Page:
The captain asks the first mate how he knows that there are four stowaways. “Why they’re singing Sweet Adeline,” the first mate answers.
Viewers who take this to mean that all four Marx Brothers are singing, even Harpo, are missing the joke. The humor of that line is that the first mate doesn’t specifically say that he heard four voices singing, he only infers it from the fact that the song they’re singing is Sweet Adeline.
And when we enter the ship’s cargo area in the next scene and hear the voices for ourselves, we hear them singing in the style of barbershop quartet. But listen, there are only three voices. The voice singing in the lower range is obviously Chico. The tenor voice matches Groucho’s straight singing voice. That leaves one more voice, a comic falsetto, which would fall to Zeppo rather than Harpo.
Monkey Business is the shortest Marx Brothers film, but it seems to gives Zeppo more screen time than the other four that he appeared in. Very little setup or backstory is given, so the roles of each of The Brothers (and other archetypical characters from the Cocoanuts formula) is less defined than in the other films. Each of The Brothers is less constricted by an assigned role. He sinks or shines based exclusively on his performance. Zeppo is not Groucho’s paige, he is simply on the loose. He does okay.
Zeppo has an interesting scene that I want to point out: He pauses, while being chased by the crew, to decide which direction to run in and is distracted by his first glimpse of The Love Interest (played by Ruth Hall). He turns to follow her. When crew members come into view, he jogs up alongside her, takes her arm and says something bold and charming. She rebuffs him.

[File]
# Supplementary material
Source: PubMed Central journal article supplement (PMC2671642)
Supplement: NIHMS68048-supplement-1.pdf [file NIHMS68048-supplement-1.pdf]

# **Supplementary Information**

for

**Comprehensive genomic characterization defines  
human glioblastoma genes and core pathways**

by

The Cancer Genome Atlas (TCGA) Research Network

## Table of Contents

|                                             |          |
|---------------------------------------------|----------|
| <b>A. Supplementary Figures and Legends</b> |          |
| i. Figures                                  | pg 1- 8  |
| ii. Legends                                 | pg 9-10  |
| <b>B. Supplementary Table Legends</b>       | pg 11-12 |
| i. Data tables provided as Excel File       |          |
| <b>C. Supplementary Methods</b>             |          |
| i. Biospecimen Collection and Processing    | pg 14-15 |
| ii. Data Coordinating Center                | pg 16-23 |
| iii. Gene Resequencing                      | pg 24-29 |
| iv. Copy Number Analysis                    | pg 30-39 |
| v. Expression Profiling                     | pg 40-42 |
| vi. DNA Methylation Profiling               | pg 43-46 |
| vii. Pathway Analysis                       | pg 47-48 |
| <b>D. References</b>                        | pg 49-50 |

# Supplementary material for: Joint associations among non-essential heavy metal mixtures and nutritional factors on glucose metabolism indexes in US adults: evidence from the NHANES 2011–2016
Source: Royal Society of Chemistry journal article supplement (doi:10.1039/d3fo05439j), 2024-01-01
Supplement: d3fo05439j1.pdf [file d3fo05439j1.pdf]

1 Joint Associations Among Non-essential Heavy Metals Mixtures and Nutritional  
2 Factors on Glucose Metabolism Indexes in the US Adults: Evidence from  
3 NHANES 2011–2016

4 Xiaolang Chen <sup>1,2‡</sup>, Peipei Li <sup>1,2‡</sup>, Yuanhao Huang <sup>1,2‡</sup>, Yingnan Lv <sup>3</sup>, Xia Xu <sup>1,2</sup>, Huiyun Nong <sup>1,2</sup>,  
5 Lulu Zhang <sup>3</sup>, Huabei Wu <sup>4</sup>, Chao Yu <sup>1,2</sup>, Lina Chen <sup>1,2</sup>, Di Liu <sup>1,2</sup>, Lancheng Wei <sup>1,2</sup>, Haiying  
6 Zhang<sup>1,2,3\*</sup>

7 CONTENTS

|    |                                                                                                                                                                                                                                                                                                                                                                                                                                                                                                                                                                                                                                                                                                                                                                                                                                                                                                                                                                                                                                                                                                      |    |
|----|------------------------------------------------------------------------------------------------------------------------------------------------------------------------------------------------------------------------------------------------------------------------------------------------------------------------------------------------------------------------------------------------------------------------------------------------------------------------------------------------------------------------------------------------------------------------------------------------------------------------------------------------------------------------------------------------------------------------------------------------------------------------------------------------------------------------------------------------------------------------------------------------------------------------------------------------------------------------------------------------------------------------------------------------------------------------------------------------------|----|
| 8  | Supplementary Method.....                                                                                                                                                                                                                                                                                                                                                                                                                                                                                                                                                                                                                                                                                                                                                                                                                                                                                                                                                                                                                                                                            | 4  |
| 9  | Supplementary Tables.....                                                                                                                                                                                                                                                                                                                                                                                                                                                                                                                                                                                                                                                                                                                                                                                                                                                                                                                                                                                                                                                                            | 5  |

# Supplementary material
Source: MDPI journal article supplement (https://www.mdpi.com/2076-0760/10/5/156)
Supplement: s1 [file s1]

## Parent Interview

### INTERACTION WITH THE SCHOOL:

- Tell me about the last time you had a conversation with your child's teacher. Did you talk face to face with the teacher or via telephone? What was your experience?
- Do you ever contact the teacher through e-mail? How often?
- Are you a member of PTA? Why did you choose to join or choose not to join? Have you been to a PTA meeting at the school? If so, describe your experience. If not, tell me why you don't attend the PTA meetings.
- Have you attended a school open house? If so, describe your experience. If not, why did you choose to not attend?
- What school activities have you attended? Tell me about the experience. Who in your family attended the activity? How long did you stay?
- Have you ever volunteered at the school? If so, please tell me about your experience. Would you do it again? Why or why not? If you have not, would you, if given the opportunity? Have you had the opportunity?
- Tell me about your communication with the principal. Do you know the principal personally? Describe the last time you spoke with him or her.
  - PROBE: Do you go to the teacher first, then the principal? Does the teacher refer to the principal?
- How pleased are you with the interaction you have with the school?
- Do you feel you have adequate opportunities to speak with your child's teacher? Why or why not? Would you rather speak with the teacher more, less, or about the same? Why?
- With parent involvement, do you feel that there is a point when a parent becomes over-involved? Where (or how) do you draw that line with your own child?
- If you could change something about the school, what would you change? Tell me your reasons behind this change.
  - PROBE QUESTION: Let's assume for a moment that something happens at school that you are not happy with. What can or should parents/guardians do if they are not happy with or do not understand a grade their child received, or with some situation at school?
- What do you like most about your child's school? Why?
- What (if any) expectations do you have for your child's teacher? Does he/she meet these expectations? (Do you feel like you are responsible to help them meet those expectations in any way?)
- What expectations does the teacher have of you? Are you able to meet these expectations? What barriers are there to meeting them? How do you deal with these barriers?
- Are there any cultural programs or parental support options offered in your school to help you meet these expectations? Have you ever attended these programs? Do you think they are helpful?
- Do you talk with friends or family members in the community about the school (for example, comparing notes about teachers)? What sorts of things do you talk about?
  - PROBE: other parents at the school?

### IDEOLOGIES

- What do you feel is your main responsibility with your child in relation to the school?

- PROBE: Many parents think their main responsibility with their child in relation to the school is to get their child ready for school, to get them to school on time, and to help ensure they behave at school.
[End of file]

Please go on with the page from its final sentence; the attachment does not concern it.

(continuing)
The crew passes out of sight quickly. So Zeppo can forget about the pursuit for a moment and can focus on her. He catches up to her again and drops a handkerchief conspicuously. He picks it up.
“Pardon me. Is this yours?” he asks her. He is turning the old dropped handkerchief trope on it’s side.
She responds, “No,” coldly.
He stands, dejected, and watches her walking away without breaking her stride. Then a few steps on, she purposely drops her own handkerchief. Zeppo’s face brightens, he scampers over to retrieve it. But before he can reach it, she picks it up. “Is this yours?” she asks him. “Why, yes,” he answers. They lock arms and walk away together.
The handkerchief gag follows a very Marxist (to coin a term) logic. Zeppo’s costar goes with the Marx logic in a way that few outsiders do without getting confused or going mad. She accepts the logic of the scene and even gets the better of Zeppo. Her passions turn in a moment for no apparent reason, very Marx. This may be her only comic bit in the movie, but it’s a good one. Also, notice how Zeppo pockets her handkerchief before they pass out of camera range?